On the ductile matrix band, is applied a metal alloy as either a laminate or a coating. Coating is preferred, because the thickness thereof is more easily controlled. Coatings, with a thickness of about 0.01 millimeter to about 0.2 millimeter, are adequate to reduce the capillary action. Coating with a thickness of about 0.02 millimeter to about 0.1 millimeter reduce the capillary action more effectively. Coating with a thickness of about 0.0025 millimeters (0.0001 inch) to about 0.15 millimeters (0.005 inch) is most effective in reducing, if not eliminating the capillary action.
The desired coating contains tin in a percentage that may vary from 0.1 percent to 100 percent by weight of the coating. Also, operable are coatings having 0.1 percent to 99 percent by weight of tin. The main requirement of the matrix band and any coating thereon is that it be pharmaceutically acceptable or safe to use, especially in dental applications.
Other metals which may be used to make up the remaining percentage of the alloy include: lead, silver, gold, zinc, copper, bismuth, indium, mercury, aluminum, platinum, and combinations thereof. Because of health concerns, the usage of lead and mercury must be limited to a small percentage of the alloy; if they can be used at all. Customarily, the base material for the matrix band is stainless steel.
If desired, at least one aperture may be put in the matrix band. Such an aperture; situated in the central portion of a long edge of the matrix band, with the clamp between the aperture and the tooth, around which the matrix band is placed; is used to assist with the removal of the band from the tooth. This can be accomplished with the standard dental tool commonly known as the explorer.
Referring now to FIG. 1 and FIG. 2, the coated matrix band 100 has a support base 114 with a coating 120 applied thereto. The coating 120 may be applied by electroplating or chemical plating, melting the coating materials with appropriate fluxes applied thereto, or otherwise applied thereto.
Adding FIG. 3 to the consideration, the thickness of coating 120 on support base 114 is depicted. Thus, a relatively thin coating may provide the necessary release qualities for the coated matrix band 100 from the tooth, while providing reduced capillary action between coated matrix band 100 and the tooth 110.
Adding FIG. 4 and FIG. 5 to the consideration, if desired at least one aperture 122, and preferably two apertures 122 may be centrally located in the width area 124 of coated matrix band 100. Aperture 122 has no or minimal effect on the desired reduced capillary action, and permits the use of a dental instrument, such as an explorer (not shown) to assist in the removal of coated matrix band 100.
In the following examples, which are intended to illustrate without unduly limiting the invention disclosed herein, all parts and percentages are by weight, unless otherwise specified.
With the coated matrix band 100; having a coating 120 on a stainless steel support base 114, the coating 120 being based on a tin alloy of two percent by weight gold and 98 percent by weight tin; being applied to a tooth under repair, fluid running into the area of the tooth under repair is greatly reduced.
The procedure of Example One is repeated except that the tin alloy is replaced with an alloy of two percent by weight tin and 98 percent by weight indium. Similar results to those of Example One are obtained.
The procedure of Example One is repeated except that the tin alloy is replaced with an alloy of two percent by weight gold and 98 percent by weight indium. Similar results to those of Example One are obtained.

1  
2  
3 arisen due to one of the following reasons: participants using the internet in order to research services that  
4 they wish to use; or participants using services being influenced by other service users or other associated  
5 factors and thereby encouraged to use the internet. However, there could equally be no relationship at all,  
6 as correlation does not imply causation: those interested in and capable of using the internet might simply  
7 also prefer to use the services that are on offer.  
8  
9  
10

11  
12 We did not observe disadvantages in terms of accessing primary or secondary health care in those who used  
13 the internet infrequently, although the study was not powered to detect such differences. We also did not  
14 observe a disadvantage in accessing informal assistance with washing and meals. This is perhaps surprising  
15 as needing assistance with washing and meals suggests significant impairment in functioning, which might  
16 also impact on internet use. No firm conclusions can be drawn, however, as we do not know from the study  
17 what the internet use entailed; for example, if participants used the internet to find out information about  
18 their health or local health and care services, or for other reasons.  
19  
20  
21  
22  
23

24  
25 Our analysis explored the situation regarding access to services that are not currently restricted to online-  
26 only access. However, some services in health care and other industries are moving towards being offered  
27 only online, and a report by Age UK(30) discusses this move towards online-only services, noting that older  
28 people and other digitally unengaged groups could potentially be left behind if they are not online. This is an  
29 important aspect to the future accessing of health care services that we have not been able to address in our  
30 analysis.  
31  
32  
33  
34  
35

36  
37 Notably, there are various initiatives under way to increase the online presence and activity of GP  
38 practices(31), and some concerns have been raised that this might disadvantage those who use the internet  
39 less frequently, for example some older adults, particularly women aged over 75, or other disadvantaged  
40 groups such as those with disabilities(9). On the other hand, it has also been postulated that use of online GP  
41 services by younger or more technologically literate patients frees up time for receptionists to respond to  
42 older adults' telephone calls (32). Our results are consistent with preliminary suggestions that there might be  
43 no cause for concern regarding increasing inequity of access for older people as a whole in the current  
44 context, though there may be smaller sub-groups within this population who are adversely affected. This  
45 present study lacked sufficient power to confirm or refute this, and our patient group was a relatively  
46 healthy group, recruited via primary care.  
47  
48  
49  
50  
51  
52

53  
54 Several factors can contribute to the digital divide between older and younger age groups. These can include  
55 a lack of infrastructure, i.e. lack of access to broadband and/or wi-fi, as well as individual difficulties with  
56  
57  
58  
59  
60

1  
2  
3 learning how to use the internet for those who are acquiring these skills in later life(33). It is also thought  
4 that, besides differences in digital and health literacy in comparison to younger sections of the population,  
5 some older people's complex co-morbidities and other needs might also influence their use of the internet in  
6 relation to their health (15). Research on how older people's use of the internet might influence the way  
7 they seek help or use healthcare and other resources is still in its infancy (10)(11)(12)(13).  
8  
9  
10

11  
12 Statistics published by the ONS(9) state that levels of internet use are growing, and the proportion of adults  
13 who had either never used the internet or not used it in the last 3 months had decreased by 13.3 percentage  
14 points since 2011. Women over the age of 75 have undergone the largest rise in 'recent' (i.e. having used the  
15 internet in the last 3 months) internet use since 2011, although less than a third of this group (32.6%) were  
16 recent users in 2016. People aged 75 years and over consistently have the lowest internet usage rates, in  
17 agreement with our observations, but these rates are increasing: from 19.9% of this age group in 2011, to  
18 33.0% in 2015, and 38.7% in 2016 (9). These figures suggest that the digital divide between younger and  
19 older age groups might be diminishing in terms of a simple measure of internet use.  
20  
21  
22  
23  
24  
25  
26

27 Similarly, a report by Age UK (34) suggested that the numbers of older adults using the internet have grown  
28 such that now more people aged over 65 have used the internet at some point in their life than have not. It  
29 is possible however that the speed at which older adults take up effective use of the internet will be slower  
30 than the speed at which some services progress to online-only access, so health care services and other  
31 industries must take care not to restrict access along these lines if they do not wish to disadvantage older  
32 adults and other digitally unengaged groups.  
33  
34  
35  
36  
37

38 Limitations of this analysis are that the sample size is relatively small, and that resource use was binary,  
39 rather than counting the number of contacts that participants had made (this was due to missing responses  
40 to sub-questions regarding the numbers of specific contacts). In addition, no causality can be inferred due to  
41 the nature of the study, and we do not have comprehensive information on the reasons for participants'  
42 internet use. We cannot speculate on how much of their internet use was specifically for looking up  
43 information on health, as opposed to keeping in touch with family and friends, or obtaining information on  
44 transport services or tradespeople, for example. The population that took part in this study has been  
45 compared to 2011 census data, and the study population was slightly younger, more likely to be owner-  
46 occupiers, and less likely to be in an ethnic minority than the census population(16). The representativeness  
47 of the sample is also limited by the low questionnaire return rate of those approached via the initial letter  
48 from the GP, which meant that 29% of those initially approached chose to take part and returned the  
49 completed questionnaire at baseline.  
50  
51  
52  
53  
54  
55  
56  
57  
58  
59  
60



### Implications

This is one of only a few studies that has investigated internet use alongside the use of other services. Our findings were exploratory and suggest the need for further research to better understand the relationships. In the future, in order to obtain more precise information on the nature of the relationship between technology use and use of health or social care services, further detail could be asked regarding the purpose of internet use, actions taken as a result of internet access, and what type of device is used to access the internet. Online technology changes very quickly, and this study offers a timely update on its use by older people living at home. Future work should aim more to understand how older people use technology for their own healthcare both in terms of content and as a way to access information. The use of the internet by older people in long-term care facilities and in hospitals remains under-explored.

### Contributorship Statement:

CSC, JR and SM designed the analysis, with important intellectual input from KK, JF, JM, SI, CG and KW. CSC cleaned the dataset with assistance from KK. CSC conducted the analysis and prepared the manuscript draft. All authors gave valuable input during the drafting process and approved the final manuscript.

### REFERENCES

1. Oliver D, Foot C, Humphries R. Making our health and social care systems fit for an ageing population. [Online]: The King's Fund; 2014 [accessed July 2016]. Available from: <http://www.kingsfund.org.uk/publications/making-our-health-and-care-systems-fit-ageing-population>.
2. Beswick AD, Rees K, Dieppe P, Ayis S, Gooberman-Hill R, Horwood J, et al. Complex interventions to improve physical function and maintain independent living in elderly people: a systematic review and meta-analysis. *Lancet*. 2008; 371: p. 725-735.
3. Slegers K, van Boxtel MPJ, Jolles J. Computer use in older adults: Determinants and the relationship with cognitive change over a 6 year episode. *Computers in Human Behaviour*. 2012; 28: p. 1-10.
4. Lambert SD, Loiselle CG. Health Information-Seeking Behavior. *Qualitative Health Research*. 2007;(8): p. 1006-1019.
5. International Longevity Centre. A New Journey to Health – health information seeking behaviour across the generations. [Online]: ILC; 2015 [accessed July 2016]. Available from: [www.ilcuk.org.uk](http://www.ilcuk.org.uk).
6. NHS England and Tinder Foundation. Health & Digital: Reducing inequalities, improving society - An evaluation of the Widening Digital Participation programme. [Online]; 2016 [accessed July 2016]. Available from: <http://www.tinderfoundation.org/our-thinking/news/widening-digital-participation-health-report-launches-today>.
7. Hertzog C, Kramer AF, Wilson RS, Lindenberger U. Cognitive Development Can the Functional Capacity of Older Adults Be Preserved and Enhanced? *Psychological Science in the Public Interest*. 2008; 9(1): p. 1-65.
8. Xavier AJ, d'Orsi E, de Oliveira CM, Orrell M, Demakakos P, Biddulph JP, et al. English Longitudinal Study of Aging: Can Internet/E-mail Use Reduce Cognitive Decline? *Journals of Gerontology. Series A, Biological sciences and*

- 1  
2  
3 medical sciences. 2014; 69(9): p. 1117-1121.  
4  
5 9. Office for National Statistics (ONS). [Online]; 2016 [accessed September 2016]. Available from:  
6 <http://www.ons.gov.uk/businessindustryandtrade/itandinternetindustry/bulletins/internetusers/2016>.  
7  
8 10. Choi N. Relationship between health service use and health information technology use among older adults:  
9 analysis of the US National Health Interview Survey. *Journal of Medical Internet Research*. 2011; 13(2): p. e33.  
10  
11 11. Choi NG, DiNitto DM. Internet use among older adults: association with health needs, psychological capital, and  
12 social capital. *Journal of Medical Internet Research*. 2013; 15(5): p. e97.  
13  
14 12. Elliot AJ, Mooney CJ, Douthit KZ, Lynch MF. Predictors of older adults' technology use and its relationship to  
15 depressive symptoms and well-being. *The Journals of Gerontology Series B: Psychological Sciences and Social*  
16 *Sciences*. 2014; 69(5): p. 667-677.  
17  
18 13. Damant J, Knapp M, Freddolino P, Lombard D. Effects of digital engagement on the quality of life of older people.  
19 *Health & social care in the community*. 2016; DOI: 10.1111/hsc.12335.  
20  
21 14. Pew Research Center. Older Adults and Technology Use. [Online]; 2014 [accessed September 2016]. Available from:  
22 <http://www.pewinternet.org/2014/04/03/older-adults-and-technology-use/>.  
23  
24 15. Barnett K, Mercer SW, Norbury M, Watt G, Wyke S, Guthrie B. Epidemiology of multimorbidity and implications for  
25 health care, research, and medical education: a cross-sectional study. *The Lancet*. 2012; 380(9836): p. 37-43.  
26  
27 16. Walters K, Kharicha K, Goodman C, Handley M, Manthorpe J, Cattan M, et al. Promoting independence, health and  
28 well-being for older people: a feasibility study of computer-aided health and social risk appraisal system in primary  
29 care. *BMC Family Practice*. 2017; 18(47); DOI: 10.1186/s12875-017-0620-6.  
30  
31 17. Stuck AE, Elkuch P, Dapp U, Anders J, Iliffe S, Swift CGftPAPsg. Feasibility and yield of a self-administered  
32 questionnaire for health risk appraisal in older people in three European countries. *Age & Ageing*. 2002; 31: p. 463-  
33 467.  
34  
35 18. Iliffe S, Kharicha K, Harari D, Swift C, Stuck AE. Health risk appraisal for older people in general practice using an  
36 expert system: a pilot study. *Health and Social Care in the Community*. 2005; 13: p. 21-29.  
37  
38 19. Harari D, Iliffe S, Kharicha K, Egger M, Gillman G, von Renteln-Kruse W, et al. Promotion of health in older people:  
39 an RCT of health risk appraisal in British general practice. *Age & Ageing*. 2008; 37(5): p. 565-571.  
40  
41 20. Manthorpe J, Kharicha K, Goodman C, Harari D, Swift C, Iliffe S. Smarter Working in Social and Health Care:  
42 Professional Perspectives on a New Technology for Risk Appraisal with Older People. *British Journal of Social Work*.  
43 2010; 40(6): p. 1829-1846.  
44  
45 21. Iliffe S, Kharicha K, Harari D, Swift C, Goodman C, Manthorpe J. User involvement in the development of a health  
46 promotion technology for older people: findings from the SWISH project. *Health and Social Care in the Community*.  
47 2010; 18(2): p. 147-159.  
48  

The procedure of Example One is repeated except that the tin alloy is replaced with an alloy mixture of equal parts by weight of two percent by weight gold and 98 percent by weight tin and two percent by weight tin and 98 percent by weight indium. Similar results to those of Example One are obtained.
With the prior art matrix band 100 of stainless steel applied to a tooth under repair, fluid running into the area of the tooth under repair is sufficient to destroy a quality filling with good bond strength.
With the matrix band having a polytetrafluoroethylene coating thereon applied to a tooth under repair, fluid running into the area of the tooth under repair has results similar to Example 5. The polytetrafluoroethylene coating delaminates or scrapes off of the matrix band, resulting in a poor quality filling.
The procedure of Example Six is repeated except that the polytetrafluoroethylene is replaced with polypropylene. Similar results to those Example Six are obtained.
The procedure of Example 1 is repeated, except for two diametrically opposed apertures 122 are present in the matrix band 100. A common dental tool known as the explorer, fits in aperture 122 and facilitates removal of the matrix band, with no significant increase in capillary action.
This application; taken as a whole with the abstract, specification, claims, and drawings being combined; provides sufficient information for a person having ordinary skill in the art to practice the invention as disclosed and claimed herein. Any measures necessary to practice this invention are well within the skill of a person having ordinary skill in this art after that person has made a careful study of this disclosure.
Because of this disclosure and solely because of this disclosure, modification of this method and device can become clear to a person having ordinary skill in this particular art. Such modifications are clearly covered by this disclosure.
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|Citing Patent||Filing date||Publication date||Applicant||Title|
|US7083412||Mar 14, 2005||Aug 1, 2006||Armen Karapetyan||Dental tooth spacer assembly|
|US20140199652 *||Jun 11, 2012||Jul 17, 2014||Triodent Holdings Limited||Circumferential matrix band|
|USD732045 *||Jan 22, 2013||Jun 16, 2015||Wild West Investments, LLC||Stand for supporting an electronic device|
|WO2011035338A2 *||Sep 21, 2010||Mar 24, 2011||Garrison Dental Solutions||Matrix band for dental applications|
|Jul 16, 2007||FPAY||Fee payment|
Year of fee payment: 4
|Mar 10, 2009||AS||Assignment|
Owner name: HARADEN, ROBERT E., ILLINOIS
Free format text: ASSIGNMENT OF ASSIGNORS INTEREST;ASSIGNORS:HARADEN, WILLIAM J.;HARADEN, ROBERT E.;REEL/FRAME:022380/0953
Effective date: 20090224
|Sep 30, 2011||FPAY||Fee payment|
Year of fee payment: 8